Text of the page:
Читать онлайн "What of Terry Conniston?" автора Garfield Brian - RuLit - Страница 10


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Watching the big man’s back, the shoulders lifted defensively, Oakley said in a soft voice from which he withdrew all honest feeling, “I’ll talk to Orozco, Earle. I’ll take care of it.”

He didn’t notice Conniston’s reply. A new and terrifying ambition had crept into Oakley’s mind like an infiltrating cloud.

C H A P T E R Five

The girl whom newspapers relentlessly identified as “Industrial Heiress Terry Conniston,” disregarding the fact her father was still very much alive, emerged like a glossy mermaid from the blue pool, her chestnut hair wet-dark and shining in the sun. She slipped graceful feet into rubber thong-sandals and walked with a trim display of shapely thighs and swelling calves toward the veranda door of her bedroom, a tall girl with a good long-waisted carriage and the trim long legs of her western generation. The delicate lines and high strong cheekbones of her face seemed a denial of her father’s blunt-boned genes.

In the shade by her door she stopped to look back across the painfully glistening pool. Patches of benign clouds rode quickly across the sky from the west, dragging their shadows along the ground, and for a moment she enjoyed watching the afternoon colors change on the grass hills. Occasional dots on the slopes were her father’s cattle grazing; once she saw the dust of a running jeep on the skyline. Her face turned youthfully solemn and she brooded toward the pool, squinting; she was blue-eyed but she detested sunglasses and never wore them. She was remembering the starry evening two years ago when she had returned home from her first semester at Bennington to find the enormous pool, newly built—“A little surprise I had put in for you,” her father had said, putting his thick arm across her shoulders and walking her along the flagstones. Half a dozen muscular young men with golden tans had been splashing in the pool and Terry had remarked, “I see you’ve stocked it for me, Daddy,” and they had laughed. Those had been happier times.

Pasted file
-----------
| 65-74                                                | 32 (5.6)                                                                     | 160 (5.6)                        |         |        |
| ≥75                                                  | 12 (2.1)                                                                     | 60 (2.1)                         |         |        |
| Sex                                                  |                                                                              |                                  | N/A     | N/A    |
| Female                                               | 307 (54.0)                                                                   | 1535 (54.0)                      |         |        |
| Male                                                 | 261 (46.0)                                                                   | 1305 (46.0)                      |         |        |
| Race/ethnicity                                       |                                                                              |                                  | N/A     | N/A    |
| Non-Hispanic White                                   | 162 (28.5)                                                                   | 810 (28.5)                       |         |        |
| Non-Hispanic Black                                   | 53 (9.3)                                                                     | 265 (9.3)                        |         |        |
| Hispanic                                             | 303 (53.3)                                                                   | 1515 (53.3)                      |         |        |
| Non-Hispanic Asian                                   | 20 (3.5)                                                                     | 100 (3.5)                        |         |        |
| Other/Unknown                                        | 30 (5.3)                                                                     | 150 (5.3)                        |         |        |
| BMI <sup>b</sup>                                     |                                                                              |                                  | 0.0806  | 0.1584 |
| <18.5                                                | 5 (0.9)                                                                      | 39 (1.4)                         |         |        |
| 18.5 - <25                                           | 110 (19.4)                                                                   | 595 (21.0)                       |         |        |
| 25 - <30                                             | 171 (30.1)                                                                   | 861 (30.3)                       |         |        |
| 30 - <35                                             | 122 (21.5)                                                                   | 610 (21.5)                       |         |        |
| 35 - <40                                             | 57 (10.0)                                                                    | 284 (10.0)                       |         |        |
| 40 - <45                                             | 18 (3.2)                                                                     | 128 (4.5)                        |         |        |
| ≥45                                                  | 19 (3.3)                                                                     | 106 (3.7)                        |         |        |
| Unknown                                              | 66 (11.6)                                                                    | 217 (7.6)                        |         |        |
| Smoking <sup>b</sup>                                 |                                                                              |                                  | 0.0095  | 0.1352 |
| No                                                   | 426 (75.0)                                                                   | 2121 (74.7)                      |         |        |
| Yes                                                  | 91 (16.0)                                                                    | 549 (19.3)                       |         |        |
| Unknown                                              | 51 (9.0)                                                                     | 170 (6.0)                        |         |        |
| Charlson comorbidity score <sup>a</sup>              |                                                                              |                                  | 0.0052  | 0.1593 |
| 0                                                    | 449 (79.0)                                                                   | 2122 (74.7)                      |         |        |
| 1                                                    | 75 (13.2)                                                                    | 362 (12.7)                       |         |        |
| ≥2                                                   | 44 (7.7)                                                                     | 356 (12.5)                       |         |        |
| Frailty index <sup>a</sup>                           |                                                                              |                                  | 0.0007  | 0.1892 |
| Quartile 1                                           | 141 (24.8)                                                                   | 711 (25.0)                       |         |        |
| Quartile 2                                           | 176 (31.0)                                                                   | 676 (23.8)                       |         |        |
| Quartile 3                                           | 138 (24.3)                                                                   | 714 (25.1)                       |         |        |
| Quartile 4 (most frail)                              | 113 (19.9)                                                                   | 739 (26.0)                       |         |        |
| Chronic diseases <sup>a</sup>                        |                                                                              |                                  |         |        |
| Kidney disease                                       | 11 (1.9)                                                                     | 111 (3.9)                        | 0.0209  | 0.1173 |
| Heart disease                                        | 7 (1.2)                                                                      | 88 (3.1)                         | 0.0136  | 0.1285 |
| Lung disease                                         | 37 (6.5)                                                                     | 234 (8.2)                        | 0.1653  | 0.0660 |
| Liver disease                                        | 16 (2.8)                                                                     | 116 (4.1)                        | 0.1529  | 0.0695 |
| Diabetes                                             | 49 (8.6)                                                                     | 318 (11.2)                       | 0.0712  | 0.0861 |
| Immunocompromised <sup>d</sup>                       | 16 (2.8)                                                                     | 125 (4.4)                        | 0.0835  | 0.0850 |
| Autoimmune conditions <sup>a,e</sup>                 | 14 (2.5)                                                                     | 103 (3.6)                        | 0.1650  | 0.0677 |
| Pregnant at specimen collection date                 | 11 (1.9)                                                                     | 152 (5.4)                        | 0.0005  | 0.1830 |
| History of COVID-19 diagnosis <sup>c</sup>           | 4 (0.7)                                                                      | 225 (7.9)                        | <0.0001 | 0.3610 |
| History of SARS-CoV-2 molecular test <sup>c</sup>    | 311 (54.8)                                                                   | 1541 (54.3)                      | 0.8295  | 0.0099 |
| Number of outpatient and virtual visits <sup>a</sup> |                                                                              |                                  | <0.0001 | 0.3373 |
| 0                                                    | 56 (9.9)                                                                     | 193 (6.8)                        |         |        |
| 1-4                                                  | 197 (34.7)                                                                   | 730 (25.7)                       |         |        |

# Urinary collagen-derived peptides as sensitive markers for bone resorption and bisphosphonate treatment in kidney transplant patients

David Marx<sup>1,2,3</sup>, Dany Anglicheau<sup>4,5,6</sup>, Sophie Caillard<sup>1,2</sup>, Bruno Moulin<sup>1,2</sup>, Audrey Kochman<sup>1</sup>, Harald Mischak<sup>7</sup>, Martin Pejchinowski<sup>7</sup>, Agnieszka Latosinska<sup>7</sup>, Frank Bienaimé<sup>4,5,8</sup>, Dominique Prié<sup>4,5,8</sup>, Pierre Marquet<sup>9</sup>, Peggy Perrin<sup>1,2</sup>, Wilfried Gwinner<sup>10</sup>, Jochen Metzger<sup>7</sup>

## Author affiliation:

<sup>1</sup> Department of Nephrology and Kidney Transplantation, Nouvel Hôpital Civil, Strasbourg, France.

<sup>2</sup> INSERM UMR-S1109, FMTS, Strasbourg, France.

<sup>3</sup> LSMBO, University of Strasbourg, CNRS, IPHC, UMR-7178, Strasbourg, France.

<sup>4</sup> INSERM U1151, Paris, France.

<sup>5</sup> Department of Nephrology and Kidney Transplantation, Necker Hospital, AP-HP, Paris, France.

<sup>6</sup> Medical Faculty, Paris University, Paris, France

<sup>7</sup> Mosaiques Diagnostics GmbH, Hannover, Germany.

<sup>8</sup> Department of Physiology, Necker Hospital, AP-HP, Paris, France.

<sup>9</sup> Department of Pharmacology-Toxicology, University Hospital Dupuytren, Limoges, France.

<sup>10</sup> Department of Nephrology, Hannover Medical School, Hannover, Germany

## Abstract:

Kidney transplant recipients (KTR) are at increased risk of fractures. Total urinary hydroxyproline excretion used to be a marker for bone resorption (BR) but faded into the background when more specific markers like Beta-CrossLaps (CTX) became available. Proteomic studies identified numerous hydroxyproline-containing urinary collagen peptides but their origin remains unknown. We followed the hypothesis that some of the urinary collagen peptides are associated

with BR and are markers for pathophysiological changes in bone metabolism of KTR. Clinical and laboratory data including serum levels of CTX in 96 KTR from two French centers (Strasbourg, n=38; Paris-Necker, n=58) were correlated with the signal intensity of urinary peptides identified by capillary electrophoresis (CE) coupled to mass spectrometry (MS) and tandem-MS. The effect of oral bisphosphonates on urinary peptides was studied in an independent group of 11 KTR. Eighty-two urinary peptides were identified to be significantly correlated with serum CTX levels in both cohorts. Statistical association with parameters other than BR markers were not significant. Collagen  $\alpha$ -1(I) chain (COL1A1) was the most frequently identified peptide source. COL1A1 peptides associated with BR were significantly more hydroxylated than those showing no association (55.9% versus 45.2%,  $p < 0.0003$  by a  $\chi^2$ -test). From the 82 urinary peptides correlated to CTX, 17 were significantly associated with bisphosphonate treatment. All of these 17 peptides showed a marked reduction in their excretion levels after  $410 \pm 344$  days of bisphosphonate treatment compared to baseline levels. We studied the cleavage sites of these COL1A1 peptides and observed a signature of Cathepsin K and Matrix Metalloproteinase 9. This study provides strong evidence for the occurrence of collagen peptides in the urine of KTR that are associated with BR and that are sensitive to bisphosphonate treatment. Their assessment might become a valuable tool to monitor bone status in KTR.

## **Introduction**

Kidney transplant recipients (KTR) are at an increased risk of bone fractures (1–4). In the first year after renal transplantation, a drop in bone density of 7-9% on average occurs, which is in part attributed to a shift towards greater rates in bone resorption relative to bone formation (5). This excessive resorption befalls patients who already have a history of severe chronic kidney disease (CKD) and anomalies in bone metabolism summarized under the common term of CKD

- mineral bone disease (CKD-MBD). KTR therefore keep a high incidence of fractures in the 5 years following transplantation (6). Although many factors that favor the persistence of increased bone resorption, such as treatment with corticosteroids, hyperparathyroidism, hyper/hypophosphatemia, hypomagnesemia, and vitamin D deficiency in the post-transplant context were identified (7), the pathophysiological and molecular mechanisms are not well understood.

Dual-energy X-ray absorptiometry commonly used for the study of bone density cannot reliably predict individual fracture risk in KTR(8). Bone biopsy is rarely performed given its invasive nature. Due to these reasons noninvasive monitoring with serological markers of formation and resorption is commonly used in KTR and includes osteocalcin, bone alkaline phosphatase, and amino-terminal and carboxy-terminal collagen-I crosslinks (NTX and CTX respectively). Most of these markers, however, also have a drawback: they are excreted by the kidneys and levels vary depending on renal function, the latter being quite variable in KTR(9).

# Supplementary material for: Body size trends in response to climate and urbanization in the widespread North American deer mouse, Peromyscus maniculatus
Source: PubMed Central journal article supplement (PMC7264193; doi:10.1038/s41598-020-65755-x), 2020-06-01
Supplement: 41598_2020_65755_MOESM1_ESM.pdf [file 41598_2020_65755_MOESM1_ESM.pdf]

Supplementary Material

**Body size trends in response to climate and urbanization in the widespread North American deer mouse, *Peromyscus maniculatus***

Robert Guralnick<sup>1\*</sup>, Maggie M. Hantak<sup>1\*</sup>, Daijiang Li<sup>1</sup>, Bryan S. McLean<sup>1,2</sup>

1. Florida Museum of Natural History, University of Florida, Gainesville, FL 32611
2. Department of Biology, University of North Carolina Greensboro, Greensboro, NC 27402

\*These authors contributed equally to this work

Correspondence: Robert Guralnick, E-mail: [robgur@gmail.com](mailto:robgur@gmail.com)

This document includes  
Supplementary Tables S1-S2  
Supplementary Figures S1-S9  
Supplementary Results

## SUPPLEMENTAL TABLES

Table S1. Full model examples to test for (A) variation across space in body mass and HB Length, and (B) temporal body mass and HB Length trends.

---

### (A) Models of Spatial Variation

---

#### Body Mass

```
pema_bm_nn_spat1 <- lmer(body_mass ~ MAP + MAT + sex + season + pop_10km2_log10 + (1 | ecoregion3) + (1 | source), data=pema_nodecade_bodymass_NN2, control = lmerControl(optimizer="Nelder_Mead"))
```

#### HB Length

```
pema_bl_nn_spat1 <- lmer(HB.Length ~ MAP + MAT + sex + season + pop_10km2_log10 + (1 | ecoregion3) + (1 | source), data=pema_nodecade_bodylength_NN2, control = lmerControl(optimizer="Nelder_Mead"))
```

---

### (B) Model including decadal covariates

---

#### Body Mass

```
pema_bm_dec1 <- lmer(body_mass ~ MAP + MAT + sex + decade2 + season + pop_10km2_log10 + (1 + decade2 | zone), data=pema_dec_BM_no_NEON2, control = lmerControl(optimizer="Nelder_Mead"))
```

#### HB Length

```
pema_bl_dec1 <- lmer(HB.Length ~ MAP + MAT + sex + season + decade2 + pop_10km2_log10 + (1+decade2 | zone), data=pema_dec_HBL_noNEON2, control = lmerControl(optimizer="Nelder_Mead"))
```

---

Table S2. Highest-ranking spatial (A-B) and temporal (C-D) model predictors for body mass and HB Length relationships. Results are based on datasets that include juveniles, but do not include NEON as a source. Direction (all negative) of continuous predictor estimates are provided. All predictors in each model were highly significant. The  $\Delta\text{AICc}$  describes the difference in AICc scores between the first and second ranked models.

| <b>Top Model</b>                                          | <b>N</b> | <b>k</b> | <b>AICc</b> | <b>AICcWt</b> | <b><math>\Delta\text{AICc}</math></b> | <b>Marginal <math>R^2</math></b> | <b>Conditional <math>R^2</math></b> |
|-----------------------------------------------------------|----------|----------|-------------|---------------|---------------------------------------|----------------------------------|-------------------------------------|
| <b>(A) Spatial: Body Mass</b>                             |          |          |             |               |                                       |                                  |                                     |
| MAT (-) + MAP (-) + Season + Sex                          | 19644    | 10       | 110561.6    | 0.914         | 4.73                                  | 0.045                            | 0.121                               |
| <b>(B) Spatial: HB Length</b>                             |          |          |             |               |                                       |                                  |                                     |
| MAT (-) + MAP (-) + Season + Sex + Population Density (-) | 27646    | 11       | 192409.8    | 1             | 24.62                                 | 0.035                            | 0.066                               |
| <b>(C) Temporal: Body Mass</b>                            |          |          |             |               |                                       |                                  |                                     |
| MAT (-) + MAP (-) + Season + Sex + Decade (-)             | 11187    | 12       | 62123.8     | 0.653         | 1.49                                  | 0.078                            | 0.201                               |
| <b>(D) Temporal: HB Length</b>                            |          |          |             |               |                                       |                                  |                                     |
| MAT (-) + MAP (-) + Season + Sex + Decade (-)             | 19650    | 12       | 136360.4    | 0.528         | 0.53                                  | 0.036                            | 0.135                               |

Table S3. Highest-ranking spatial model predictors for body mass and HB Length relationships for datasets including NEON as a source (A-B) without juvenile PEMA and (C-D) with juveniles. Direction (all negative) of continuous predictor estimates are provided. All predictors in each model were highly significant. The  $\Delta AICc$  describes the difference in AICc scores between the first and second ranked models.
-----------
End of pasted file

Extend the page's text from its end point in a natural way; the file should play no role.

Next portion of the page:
She detected movement in the corner of her vision and shifted her glance to see the stirring of a screen door at the end of the far wing of the house. She had a glimpse of Frankie Adams’ lizard-narrow shape before the comedian disappeared inside. Irritated, she wondered how long he had been standing there watching her. He was a creepy one—one of Louise’s friends from show business. He had a worn-out slimy quality like old clothes with too much shine on them. She couldn’t understand why her father tolerated Adams; but then she hadn’t understood her father for a long time anyway.

She went inside, showered, dried her hair, put on a gray Neiman-Marcus minidress and matching sandals and looked at herself critically in the mirror. The female Dorian Grey, she thought. Glow of tan over fair young skin; a face somehow innocent of the fury raging inside.

Hair tumbling loose over one shoulder, handbag and school-books clutched in her arm, she hurried out of her room into the corridor; she intended to go right by the office but her father came out—as if he had been lying in wait—and blocked her way. “Hi. Being exclusive, Baby?”

I wish you wouldn’t call me that. “Hi.” Her smile was quick and false. Behind him she saw Carl Oakley in the office, tall and good-looking, preoccupied; Oakley mirrored her uncomfortable smile. Business problems, she guessed—they both looked wrung-out. Whatever it is, I’m sure money will fix it. Money always does. Her father’s answer to her every problem was, Herebuy yourself a pretty thing.